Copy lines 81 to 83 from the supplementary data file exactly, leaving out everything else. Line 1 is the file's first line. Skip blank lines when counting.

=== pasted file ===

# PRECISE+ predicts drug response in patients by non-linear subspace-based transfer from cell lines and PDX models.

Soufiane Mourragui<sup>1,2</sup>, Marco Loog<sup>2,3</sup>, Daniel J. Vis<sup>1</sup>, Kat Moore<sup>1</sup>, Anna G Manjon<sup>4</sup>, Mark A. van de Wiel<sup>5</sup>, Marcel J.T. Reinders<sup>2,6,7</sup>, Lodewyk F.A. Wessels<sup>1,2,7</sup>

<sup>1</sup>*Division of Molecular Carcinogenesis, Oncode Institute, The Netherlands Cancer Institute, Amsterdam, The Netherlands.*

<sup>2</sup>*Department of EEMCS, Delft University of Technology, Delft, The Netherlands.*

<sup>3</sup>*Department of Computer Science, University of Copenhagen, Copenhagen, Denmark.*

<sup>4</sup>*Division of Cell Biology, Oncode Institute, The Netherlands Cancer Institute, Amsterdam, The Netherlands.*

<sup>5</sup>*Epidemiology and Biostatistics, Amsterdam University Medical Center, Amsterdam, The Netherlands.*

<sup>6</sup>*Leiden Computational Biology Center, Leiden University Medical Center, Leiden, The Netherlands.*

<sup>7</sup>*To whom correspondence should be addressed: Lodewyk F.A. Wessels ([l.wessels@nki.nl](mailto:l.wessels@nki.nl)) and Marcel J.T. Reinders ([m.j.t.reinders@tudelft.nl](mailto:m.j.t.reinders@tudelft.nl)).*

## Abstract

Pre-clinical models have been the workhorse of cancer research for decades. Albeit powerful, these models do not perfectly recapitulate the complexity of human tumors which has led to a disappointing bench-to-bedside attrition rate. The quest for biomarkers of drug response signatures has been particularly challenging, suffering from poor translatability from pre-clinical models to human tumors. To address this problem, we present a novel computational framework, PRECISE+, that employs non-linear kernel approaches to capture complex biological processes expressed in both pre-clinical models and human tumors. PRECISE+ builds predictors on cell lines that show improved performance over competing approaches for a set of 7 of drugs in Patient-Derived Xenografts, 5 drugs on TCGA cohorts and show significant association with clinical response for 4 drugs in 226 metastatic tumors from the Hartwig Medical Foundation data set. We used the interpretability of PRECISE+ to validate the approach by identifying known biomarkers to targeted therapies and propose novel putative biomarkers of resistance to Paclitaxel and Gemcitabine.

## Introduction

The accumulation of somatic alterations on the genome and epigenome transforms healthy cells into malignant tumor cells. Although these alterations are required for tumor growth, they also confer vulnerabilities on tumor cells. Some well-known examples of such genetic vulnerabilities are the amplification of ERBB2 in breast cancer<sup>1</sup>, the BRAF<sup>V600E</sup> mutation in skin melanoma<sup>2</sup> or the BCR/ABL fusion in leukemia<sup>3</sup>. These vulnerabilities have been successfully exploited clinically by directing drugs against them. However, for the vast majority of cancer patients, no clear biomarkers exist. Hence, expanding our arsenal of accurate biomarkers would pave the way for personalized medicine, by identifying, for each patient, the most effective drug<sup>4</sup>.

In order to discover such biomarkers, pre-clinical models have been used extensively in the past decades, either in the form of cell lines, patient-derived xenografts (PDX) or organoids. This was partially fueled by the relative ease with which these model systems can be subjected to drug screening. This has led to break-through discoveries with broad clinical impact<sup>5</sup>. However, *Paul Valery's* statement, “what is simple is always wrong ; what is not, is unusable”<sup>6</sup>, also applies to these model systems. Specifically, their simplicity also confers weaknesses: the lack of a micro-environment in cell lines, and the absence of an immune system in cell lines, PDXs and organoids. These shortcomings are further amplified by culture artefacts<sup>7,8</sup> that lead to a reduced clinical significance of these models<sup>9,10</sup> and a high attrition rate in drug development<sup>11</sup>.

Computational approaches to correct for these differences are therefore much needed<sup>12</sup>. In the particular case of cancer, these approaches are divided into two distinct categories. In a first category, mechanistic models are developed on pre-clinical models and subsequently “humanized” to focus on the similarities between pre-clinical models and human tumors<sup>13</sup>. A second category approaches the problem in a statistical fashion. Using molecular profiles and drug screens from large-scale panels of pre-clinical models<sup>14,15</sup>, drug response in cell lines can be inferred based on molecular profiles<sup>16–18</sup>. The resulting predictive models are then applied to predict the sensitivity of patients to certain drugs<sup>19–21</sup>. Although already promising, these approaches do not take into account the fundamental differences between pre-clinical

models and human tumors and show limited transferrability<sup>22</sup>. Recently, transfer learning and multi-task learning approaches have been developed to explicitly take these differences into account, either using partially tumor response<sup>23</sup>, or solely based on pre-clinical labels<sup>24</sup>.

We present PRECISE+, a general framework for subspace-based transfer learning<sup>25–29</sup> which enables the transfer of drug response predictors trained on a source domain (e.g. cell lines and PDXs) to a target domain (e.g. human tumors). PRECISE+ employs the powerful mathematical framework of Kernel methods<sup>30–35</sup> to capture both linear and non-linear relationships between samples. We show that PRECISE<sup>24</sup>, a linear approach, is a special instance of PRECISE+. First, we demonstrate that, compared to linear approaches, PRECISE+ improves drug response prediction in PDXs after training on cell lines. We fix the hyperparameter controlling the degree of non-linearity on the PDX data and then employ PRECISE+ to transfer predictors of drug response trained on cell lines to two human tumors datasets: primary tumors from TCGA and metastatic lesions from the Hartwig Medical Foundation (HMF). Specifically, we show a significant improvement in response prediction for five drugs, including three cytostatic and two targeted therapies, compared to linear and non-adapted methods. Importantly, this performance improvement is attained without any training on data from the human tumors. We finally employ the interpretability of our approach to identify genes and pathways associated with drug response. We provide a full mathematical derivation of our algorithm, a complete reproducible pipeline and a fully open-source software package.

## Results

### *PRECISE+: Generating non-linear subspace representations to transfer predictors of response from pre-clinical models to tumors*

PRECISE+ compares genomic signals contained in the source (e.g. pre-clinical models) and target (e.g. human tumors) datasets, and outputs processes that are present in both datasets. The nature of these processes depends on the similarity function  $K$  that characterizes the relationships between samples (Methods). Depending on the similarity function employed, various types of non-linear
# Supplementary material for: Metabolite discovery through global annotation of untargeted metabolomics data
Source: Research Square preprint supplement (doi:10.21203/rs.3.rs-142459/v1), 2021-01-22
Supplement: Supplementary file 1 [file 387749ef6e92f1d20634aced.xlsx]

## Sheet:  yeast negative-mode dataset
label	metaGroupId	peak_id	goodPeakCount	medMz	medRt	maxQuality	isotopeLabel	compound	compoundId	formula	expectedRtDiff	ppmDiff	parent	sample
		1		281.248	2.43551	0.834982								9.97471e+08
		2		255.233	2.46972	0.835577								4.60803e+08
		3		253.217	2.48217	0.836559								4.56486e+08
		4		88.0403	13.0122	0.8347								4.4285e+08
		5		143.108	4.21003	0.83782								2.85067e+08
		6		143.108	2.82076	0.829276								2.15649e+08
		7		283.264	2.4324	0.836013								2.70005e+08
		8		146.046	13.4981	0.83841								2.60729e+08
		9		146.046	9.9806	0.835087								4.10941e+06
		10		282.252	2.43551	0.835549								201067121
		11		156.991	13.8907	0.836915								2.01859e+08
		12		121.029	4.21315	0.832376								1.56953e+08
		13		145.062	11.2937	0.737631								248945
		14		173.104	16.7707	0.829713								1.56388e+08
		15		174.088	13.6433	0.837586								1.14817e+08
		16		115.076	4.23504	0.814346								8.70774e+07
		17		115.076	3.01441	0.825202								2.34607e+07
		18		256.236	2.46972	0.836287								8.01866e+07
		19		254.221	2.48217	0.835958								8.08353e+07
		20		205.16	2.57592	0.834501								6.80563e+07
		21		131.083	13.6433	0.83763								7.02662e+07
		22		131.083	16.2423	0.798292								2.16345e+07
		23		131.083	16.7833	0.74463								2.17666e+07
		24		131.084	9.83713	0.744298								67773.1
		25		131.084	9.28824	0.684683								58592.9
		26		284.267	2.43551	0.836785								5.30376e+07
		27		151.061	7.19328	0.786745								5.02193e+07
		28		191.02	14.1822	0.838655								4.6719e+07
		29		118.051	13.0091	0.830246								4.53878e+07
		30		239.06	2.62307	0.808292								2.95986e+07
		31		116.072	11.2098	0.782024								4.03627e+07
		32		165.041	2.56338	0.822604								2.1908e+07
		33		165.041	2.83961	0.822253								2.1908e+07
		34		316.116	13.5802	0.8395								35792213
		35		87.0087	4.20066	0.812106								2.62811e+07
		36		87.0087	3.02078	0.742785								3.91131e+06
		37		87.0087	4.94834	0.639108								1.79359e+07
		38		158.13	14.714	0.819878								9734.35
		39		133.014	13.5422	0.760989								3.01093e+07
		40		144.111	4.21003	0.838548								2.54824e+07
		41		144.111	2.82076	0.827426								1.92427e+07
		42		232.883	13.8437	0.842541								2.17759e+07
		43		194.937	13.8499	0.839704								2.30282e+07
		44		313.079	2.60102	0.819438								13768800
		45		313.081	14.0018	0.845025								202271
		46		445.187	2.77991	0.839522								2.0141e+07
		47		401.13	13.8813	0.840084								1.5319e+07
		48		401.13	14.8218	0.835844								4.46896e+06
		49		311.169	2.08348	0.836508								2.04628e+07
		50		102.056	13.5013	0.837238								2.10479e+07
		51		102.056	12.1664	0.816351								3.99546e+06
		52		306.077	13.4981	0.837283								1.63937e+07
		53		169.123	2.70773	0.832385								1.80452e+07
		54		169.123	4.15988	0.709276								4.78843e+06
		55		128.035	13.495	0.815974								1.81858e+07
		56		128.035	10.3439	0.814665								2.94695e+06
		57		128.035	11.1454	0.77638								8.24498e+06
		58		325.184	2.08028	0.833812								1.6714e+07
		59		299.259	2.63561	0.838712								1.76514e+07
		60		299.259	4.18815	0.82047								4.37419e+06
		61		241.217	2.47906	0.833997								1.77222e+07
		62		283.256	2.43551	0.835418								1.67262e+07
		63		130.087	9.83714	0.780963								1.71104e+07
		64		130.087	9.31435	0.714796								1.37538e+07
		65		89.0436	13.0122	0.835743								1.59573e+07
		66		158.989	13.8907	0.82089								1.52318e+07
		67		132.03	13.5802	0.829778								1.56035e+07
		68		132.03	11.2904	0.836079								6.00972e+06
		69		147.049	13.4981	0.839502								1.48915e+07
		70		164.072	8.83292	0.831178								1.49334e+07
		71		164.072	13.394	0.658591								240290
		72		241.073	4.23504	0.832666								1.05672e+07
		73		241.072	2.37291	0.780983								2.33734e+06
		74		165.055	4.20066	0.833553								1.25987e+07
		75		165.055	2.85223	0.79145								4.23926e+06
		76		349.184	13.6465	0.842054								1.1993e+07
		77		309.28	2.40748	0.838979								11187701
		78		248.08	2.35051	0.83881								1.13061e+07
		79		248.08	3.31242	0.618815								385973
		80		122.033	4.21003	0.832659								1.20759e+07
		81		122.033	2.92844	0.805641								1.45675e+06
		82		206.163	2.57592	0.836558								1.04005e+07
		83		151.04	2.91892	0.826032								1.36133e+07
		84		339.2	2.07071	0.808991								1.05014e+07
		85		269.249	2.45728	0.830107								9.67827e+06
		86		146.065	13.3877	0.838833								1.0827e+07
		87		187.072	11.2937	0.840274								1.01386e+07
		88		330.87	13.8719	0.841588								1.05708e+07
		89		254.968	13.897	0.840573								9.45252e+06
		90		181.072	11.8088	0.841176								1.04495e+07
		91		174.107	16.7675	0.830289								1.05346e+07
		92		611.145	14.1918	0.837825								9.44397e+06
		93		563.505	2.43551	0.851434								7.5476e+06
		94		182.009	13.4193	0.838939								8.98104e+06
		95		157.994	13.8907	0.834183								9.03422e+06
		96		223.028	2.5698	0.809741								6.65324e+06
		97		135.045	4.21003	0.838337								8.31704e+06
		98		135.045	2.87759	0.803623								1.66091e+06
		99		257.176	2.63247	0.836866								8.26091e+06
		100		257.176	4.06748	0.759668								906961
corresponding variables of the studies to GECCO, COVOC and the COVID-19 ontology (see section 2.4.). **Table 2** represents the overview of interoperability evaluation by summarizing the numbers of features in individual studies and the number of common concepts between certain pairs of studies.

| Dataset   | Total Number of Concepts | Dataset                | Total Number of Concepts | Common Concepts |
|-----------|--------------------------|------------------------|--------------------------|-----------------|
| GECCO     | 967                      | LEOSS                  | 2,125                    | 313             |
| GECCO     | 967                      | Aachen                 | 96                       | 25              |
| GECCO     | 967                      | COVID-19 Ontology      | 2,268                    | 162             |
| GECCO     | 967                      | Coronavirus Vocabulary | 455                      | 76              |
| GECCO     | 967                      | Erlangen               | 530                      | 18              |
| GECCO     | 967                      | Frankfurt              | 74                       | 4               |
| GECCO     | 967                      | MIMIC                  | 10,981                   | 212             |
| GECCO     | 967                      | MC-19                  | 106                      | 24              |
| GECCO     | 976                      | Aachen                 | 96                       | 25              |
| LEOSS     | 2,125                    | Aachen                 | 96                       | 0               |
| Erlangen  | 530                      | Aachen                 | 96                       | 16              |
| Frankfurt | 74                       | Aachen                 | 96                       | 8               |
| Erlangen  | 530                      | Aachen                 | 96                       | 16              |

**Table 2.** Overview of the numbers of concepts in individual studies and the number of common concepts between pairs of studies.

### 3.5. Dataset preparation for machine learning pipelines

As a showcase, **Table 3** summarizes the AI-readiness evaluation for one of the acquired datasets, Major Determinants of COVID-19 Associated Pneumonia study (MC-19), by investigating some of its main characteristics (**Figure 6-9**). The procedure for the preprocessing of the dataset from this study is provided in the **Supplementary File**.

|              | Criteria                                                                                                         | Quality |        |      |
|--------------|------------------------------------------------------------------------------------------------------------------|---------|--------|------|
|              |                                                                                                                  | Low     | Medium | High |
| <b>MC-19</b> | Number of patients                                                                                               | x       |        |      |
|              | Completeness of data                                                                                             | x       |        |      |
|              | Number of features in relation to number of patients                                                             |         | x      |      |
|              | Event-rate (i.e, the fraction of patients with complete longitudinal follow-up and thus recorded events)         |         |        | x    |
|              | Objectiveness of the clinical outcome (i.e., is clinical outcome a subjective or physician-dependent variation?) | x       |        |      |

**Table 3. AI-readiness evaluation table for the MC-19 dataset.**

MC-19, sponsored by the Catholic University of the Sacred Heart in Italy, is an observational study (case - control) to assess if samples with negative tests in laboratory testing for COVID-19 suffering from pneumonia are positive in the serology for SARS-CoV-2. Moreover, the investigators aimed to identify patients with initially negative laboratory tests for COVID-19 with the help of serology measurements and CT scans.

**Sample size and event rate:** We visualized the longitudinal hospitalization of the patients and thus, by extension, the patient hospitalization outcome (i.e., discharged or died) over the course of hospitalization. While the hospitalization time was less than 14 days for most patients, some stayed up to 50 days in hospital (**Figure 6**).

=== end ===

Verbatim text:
		56		128.035	10.3439	0.814665								2.94695e+06
		57		128.035	11.1454	0.77638								8.24498e+06
		58		325.184	2.08028	0.833812								1.6714e+07